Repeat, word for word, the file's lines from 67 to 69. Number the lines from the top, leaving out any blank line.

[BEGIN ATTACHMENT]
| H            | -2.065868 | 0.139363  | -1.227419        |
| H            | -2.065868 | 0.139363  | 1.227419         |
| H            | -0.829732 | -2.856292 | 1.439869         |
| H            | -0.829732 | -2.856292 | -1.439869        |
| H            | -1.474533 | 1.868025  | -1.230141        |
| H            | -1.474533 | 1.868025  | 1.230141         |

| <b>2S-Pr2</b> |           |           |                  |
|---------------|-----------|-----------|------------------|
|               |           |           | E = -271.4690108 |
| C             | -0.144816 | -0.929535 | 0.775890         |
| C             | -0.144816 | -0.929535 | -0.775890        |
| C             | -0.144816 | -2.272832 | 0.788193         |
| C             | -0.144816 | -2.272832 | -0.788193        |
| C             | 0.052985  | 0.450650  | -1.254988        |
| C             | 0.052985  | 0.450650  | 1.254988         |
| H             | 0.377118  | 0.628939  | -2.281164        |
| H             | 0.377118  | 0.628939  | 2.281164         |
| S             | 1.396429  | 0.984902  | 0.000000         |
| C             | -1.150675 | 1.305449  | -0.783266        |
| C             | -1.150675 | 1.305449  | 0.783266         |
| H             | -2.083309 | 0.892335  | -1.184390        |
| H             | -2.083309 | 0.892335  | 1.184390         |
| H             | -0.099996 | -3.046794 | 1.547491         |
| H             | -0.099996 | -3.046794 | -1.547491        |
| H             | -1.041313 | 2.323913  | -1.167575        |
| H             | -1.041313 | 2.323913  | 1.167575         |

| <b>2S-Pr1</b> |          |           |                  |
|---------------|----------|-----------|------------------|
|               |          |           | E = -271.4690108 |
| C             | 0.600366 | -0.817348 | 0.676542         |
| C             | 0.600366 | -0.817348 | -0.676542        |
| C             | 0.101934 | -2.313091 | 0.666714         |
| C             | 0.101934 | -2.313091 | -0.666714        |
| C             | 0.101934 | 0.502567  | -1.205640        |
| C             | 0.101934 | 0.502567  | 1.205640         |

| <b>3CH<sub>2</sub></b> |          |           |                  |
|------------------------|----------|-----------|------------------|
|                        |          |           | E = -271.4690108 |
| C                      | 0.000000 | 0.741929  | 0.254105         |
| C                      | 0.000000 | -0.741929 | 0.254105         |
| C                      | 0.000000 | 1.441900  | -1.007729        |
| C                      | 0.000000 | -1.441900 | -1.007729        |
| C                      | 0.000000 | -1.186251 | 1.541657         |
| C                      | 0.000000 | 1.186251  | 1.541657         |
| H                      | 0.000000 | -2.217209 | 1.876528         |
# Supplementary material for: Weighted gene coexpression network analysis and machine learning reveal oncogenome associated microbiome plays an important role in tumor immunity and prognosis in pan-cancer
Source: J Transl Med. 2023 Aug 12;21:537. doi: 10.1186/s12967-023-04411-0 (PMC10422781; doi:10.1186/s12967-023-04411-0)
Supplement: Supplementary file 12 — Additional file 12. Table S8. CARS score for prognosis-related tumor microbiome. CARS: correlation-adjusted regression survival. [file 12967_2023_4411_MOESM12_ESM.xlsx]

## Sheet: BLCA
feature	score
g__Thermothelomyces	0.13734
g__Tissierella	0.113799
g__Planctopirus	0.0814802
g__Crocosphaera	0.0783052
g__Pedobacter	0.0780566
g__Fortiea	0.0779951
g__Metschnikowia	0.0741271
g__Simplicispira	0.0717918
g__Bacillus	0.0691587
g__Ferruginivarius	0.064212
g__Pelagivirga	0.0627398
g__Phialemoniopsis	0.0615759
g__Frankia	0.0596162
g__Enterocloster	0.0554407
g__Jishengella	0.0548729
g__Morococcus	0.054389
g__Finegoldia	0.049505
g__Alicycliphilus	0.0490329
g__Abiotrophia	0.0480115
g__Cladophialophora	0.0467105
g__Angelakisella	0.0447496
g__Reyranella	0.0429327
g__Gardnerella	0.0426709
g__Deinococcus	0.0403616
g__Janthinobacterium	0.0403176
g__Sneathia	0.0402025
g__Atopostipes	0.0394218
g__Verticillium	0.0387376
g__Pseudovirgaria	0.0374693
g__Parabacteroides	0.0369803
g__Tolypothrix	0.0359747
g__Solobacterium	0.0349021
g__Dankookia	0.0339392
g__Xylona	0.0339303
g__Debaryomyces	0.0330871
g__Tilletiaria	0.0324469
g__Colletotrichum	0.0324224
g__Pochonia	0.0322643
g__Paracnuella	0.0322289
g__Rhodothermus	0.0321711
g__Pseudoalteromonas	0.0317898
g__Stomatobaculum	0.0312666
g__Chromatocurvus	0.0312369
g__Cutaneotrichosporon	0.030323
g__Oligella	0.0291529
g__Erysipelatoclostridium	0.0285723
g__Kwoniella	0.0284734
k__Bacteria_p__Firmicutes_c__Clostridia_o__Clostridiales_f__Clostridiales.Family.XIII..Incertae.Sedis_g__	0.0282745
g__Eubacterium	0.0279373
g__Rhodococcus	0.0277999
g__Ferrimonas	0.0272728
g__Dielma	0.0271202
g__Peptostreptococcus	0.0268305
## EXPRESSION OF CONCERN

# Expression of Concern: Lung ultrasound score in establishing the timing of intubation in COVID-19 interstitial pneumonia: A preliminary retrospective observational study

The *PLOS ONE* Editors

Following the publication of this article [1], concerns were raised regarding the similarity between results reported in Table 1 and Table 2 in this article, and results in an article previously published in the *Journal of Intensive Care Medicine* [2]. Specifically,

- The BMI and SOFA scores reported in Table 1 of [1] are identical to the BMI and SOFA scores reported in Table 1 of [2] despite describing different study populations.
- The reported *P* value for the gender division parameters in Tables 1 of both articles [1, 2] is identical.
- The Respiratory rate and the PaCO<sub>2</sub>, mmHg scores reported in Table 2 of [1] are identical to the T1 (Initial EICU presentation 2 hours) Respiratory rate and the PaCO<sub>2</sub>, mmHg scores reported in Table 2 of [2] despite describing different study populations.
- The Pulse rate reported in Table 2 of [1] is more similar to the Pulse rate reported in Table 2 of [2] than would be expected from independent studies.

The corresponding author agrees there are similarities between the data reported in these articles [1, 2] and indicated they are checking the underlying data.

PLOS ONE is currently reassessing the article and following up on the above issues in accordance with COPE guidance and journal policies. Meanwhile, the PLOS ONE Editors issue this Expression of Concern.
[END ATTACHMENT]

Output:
g__Finegoldia	0.049505
g__Alicycliphilus	0.0490329
g__Abiotrophia	0.0480115